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He who controls committees controls the world. (Or the House of Commons, at least.)


 

First of all, let’s get one thing straight: despite all those headlines and editorials that have flourished in the aftermath of this week’s election, there is no such thing as a “strengthened minority” – not in terms of parliamentary power, at least. As long as the government can’t win a vote without the support of at least one opposition party, a beefed-up Conservative caucus does little to boost Stephen Harper’s ability to control the agenda of the House of Commons. Beyond giving the PM a more impressive backdrop of devoted followers during Question Period, and possibly providing him with a few more options for future cabinet construction, twenty new members – or, if you go by the count at dissolution, sixteen more MPs than he had when the House rose in June – will have no impact on the workings of the House.

But when it comes to House committees – which, as ITQ readers will recall, was ground zero for the  parliamentary dysfunction that ostensibly forced the PM to circumvent his own fixed election date law – it may be a very different story, because with 143 members, the Conservatives now hold 46.4% of the seats in the Commons, which they may be hoping to translate into one more seat around the committee table, which could dramatically change the dynamics on one key committee.

First, a little background: Committee membership isn’t set in stone, but is “roughly proportional to the party standings in the House”, according to the “Practical Guide for Committees” found on the parliamentary website.

During the last parliament, committees were comprised of five members of the government, and seven from the opposition – four Liberals, two Bloc Quebecois and one NDP.

On committees chaired by the government – which, during the last parliament, was all but but four: Access to Information, Privacy and Ethics; Status of Women; Government Operations and Estimates, and Public Accounts (which is always chaired by an opposition MP, even in a majority situation) – nothing would change, practically speaking, by taking one seat from the opposition and giving it to the government: The opposition would have six votes total, with just five for the government, since the chair would vote only to break a tie – or, alternately, storm out of the room in classic Art Hanger style, leaving the committee in procedural paralysis.

But on opposition-chaired committees, the Conservatives would suddenly hold a limited – but functioning – majority.

Remember the Mulroney-Schreiber inquiry last fall, and the special week-long summer sittings to investigate In and Out? If the government had been able to control the Ethics committee back then, the motions to hold those hearings would been dead on arrival – no Conservative stonewalling or dirty tricks manual required.

So how have past minority parliaments dealt with different sizes of minorities in allocating committee seats?  Funny you should ask – because that’s how I spent yesterday afternoon – tallying up the numbers using old committee membership lists – and a big ITQ thank you to the Library of Parliament researcher who figured out where such arcane bits of history could be found.  For consistency – and maybe a tiny bit of irony that only an ITQ devotee would appreciate – I picked Procedure and House Affairs as my control committee. Here’s what I was able to put together:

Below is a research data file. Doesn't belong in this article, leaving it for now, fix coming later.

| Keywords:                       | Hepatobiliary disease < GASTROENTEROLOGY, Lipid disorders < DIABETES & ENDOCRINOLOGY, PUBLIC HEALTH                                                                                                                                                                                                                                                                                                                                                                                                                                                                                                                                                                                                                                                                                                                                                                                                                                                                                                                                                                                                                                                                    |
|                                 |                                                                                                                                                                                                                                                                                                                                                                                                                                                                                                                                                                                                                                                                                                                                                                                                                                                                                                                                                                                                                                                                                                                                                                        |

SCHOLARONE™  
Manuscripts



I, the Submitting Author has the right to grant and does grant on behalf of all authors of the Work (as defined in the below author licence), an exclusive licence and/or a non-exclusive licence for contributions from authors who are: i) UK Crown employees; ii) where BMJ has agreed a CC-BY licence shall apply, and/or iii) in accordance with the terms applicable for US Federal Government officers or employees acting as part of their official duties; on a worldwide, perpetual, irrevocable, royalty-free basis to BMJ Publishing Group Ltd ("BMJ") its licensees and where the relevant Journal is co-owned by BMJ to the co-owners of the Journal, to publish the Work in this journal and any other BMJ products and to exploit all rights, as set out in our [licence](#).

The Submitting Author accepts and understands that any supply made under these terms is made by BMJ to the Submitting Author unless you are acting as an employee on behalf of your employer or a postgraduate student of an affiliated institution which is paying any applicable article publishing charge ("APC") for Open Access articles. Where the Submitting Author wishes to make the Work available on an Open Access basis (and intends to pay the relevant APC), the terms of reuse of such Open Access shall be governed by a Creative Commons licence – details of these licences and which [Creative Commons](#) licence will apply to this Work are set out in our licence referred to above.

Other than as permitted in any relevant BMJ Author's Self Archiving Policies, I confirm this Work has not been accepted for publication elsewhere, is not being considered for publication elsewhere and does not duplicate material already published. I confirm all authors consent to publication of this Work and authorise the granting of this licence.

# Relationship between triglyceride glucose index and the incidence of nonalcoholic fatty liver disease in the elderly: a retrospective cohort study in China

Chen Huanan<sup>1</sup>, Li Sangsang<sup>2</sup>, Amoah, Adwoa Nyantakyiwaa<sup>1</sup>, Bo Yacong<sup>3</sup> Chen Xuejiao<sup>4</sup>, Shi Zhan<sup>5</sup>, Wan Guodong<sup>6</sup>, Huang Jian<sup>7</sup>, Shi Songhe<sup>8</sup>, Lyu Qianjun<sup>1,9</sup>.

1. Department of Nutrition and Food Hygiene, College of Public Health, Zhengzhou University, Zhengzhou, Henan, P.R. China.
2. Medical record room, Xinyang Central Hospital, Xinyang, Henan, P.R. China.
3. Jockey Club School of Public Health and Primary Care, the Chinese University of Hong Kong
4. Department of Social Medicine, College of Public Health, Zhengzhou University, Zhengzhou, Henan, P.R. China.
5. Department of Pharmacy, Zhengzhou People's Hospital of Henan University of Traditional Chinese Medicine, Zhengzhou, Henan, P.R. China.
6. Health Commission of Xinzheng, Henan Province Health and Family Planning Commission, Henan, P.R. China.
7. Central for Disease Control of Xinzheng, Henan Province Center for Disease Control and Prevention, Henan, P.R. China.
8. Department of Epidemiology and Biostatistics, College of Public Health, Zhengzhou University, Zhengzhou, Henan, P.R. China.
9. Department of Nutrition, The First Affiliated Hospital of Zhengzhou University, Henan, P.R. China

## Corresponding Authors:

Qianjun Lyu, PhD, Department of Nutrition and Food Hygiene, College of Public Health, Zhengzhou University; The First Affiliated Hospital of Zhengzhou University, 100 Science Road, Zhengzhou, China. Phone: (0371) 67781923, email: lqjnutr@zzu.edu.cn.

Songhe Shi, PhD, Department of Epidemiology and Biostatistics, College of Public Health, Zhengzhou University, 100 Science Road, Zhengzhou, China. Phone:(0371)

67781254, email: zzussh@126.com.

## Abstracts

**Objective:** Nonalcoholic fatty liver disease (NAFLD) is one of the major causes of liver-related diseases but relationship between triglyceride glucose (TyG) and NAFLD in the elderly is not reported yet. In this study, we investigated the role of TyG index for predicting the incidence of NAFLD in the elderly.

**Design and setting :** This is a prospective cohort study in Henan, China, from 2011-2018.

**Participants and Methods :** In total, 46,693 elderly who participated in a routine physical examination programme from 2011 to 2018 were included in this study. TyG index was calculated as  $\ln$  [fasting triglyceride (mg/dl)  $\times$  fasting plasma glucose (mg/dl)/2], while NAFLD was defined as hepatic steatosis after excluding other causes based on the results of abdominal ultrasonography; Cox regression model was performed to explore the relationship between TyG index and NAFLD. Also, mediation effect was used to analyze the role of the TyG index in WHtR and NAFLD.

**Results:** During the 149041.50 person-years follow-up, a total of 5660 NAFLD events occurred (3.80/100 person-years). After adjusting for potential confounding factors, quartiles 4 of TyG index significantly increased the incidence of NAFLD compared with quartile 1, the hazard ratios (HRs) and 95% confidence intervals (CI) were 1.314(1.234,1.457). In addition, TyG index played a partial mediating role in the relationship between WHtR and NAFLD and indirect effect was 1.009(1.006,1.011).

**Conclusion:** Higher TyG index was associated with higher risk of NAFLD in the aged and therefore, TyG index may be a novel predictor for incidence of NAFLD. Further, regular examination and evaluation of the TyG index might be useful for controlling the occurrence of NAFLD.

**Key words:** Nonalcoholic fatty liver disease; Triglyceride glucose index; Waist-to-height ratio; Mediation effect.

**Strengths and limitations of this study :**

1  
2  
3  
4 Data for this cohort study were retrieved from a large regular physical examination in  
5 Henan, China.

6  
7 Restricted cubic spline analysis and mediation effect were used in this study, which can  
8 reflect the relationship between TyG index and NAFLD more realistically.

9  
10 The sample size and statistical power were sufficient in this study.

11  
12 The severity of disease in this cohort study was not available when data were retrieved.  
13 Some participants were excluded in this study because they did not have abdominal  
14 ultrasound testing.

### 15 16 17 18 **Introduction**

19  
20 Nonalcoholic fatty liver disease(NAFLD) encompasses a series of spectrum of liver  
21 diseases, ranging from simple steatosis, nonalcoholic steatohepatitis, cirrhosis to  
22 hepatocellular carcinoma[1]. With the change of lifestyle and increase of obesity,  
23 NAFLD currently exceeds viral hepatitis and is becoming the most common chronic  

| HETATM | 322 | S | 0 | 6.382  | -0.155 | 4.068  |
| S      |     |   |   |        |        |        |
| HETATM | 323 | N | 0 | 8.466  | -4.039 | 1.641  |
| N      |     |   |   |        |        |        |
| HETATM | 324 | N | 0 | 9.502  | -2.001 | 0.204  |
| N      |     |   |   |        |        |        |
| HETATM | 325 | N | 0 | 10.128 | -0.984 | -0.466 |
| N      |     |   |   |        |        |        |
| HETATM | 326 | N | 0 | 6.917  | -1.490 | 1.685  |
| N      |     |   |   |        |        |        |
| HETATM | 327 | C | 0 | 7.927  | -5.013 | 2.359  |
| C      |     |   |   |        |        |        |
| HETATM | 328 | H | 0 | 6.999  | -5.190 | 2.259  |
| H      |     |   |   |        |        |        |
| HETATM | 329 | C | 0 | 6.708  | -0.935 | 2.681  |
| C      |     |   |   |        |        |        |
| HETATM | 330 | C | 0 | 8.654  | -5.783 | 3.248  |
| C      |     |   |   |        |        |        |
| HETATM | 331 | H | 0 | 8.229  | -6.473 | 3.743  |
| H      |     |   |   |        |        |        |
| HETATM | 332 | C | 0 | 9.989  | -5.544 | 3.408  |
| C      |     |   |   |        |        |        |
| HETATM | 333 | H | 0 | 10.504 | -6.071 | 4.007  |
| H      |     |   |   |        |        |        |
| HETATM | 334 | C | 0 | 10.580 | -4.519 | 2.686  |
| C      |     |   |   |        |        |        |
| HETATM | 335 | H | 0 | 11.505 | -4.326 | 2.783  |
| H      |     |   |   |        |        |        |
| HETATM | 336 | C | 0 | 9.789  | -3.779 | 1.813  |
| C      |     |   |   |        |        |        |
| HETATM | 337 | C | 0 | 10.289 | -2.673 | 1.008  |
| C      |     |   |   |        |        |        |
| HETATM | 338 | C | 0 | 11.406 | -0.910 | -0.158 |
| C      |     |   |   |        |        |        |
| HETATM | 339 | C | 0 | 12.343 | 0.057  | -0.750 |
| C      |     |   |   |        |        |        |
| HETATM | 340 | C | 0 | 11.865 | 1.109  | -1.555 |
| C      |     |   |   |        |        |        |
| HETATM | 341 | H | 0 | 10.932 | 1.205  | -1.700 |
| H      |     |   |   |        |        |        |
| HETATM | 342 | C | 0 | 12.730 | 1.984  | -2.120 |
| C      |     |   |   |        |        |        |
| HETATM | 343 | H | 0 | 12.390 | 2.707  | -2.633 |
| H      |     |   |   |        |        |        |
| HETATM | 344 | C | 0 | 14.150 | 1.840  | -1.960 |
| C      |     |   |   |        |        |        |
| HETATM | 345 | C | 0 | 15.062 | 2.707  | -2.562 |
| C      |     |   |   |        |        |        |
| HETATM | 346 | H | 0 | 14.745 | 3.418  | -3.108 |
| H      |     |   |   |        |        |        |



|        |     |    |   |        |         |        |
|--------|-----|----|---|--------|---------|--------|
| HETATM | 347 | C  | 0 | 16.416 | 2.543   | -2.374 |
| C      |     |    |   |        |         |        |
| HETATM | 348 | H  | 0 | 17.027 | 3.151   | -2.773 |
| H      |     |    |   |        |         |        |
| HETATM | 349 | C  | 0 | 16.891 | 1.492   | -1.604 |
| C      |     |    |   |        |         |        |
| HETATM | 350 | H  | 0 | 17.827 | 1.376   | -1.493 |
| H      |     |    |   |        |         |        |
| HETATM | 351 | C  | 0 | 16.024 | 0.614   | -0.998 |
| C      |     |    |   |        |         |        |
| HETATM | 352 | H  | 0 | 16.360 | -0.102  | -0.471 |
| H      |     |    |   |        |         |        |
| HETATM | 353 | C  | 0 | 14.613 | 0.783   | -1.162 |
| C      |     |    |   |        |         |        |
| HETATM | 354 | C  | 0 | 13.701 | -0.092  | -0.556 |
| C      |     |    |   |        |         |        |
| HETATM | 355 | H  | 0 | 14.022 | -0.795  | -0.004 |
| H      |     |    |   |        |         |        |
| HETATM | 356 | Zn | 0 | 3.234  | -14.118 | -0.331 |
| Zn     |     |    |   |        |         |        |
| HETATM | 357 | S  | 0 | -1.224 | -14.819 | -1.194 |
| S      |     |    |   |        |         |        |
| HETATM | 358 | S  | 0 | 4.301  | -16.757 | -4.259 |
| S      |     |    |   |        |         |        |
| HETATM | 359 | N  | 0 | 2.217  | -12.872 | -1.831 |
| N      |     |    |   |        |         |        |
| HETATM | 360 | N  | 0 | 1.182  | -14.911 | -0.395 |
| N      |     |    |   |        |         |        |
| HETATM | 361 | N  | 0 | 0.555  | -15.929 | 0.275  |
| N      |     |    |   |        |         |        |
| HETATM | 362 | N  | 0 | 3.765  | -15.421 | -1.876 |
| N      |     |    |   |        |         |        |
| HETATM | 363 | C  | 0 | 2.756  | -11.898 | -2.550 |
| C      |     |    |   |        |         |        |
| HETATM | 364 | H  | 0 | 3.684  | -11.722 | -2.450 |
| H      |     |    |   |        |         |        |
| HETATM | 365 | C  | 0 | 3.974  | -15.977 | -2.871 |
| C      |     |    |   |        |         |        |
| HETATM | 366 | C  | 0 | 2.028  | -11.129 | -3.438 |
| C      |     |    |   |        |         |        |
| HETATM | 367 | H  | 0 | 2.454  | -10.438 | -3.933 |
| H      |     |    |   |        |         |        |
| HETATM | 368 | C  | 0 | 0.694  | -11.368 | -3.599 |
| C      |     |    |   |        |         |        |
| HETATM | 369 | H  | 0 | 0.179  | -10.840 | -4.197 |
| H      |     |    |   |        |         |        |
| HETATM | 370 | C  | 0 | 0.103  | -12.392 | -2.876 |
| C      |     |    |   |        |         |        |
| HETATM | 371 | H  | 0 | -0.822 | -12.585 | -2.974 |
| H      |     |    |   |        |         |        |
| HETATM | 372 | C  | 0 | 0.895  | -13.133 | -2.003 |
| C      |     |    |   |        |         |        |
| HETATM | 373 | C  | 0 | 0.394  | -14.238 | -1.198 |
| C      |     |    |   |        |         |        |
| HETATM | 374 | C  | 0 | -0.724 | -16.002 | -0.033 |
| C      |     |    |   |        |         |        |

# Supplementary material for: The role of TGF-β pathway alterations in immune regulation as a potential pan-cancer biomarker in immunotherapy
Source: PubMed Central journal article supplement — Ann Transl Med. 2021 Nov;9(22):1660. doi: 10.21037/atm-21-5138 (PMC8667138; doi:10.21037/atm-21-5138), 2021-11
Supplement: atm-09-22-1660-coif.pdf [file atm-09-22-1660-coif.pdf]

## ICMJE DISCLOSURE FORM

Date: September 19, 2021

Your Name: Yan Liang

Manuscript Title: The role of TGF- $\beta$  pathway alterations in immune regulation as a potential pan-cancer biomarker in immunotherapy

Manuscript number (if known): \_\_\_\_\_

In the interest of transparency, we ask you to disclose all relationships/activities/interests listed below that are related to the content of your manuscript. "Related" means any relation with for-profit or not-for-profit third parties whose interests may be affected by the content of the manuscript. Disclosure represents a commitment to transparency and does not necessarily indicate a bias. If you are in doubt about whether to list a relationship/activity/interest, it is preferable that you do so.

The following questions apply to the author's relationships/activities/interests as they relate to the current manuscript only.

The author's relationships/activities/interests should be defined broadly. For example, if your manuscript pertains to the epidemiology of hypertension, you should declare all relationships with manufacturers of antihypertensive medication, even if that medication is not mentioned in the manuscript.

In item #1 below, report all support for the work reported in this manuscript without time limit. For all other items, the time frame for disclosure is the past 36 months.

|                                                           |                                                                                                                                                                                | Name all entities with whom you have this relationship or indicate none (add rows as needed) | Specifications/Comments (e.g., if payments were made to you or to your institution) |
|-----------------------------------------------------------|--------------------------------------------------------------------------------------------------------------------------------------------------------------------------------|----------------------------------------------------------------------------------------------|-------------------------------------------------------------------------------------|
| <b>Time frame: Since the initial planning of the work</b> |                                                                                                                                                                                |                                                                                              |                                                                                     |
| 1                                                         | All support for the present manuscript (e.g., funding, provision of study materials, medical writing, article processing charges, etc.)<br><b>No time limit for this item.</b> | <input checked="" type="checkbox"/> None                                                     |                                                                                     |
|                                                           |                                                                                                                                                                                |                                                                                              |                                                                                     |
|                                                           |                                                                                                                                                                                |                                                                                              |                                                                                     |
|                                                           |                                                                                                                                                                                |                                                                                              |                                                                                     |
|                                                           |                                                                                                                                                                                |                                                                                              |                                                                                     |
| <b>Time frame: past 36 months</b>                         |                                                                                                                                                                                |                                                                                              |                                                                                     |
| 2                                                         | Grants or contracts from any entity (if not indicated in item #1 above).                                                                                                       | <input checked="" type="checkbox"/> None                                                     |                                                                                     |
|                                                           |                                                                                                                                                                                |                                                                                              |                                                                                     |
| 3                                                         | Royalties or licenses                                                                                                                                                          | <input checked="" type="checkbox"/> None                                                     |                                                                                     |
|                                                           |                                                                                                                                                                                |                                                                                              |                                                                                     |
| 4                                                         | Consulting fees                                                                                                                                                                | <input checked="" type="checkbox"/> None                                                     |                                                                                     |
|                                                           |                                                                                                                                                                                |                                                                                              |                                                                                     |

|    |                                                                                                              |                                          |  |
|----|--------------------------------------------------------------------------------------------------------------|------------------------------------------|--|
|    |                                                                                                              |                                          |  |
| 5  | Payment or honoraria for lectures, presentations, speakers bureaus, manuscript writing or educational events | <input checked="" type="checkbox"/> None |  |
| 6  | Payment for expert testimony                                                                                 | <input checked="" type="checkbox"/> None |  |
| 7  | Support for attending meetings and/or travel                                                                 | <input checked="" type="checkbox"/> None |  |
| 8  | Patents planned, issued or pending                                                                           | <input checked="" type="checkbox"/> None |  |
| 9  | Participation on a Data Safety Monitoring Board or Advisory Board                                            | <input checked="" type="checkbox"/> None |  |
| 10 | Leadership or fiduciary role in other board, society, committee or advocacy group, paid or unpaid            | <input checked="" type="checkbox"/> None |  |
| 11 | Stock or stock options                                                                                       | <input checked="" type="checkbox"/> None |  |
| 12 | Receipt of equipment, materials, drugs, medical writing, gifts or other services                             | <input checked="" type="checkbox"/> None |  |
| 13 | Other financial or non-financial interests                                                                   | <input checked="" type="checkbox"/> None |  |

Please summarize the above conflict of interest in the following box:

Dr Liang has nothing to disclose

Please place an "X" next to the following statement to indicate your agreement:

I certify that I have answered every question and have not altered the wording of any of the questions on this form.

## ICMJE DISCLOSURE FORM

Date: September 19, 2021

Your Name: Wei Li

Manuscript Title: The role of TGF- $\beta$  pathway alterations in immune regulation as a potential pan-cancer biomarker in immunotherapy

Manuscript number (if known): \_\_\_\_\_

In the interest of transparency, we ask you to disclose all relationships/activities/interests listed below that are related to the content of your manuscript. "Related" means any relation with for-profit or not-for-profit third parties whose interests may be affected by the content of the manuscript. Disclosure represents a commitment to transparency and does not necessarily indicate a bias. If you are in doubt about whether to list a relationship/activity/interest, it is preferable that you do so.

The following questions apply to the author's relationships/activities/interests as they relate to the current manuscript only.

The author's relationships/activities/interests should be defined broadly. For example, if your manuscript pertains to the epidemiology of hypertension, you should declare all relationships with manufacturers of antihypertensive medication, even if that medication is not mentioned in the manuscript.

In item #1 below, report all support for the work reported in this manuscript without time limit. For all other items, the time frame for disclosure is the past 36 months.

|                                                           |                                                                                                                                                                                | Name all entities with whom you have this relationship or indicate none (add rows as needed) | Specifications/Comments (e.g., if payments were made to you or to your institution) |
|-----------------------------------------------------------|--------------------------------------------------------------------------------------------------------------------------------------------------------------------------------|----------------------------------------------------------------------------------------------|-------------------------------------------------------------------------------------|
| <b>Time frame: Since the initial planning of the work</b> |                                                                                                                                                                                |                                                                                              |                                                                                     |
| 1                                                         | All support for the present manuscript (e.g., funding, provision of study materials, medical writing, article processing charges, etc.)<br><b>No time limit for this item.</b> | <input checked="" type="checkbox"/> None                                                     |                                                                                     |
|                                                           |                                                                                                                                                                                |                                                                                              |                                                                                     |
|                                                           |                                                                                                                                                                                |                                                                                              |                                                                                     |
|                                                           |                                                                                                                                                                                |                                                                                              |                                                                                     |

1962 – John Diefenbaker held 116 seats out of 265 (43.7%)

Standing Orders Committee – 20 members total

Government: 9 seats; Opposition: 11 seats (Liberals: 8 Social Credit: 2 NDP: 1)

1979 – Joe Clark – 136 seats out of 282 (48.2%)

Procedure and Organization Committee – 12 members total

Government: 7 seats; Opposition: 5 seats (Liberals: 4 NDP: 1)

2004 – Paul Martin – 135 seats out of 308 (43.8%)

Procedure and House Affairs – 12 members total

Government: 5 seats; Opposition: 7 seats (Conservatives: 4 Bloc Quebecois: 2 NDP: 1)

2006 – Stephen Harper – 124 seats out of 308 (40.2%)

Procedure and House Affairs – 12 members total

Government: 5 seats; Opposition: 7 seats (Liberals: 4 Bloc Quebecois: 2 NDP: 1)

Notice that only once has a minority government held the majority of votes at committee – the Conservatives, in 1979, which – under Joe Clark – controlled 48.2% of the seats in the House. Was this an anomaly, reached not through the standard formula but an informal agreement between the parties? Or was it the result of rounding the percentage up to an even 50%? If that’s the case, would the Conservatives be able to persuade the House to do the same for a government that holds 143 out of 308 seats, which works out to 46.4%?

Should a minority government ever be granted de facto majority status, even in a limited capacity? It would seem that the fifty percent threshold should be absolute – no matter how close you may be to that magic number of seats, if you can’t command a majority in the House, you don’t get to do so at committee, even if your numbers go up, and those of the opposition go down. It’s also worth pointing out that, with the exception of Public Accounts, there is nothing in the Standing Orders that sets out which  – if any – committees will be chaired by an opposition MP; last time around, the opposition parties lobbied for the committees that they got, but if the balance of power shifts to the Conservatives in those cases, that may change.

I’ve put in calls to the committees directorate, as well as the Speaker’s Office, and I’ll update this post when and if I get a definitive – or even tentative – answer, but one thing is for sure: the next skirmish in the running battle for control of the parliamentary agenda may well start where the last one ended – not in the Commons, but on the committee room floor.


 

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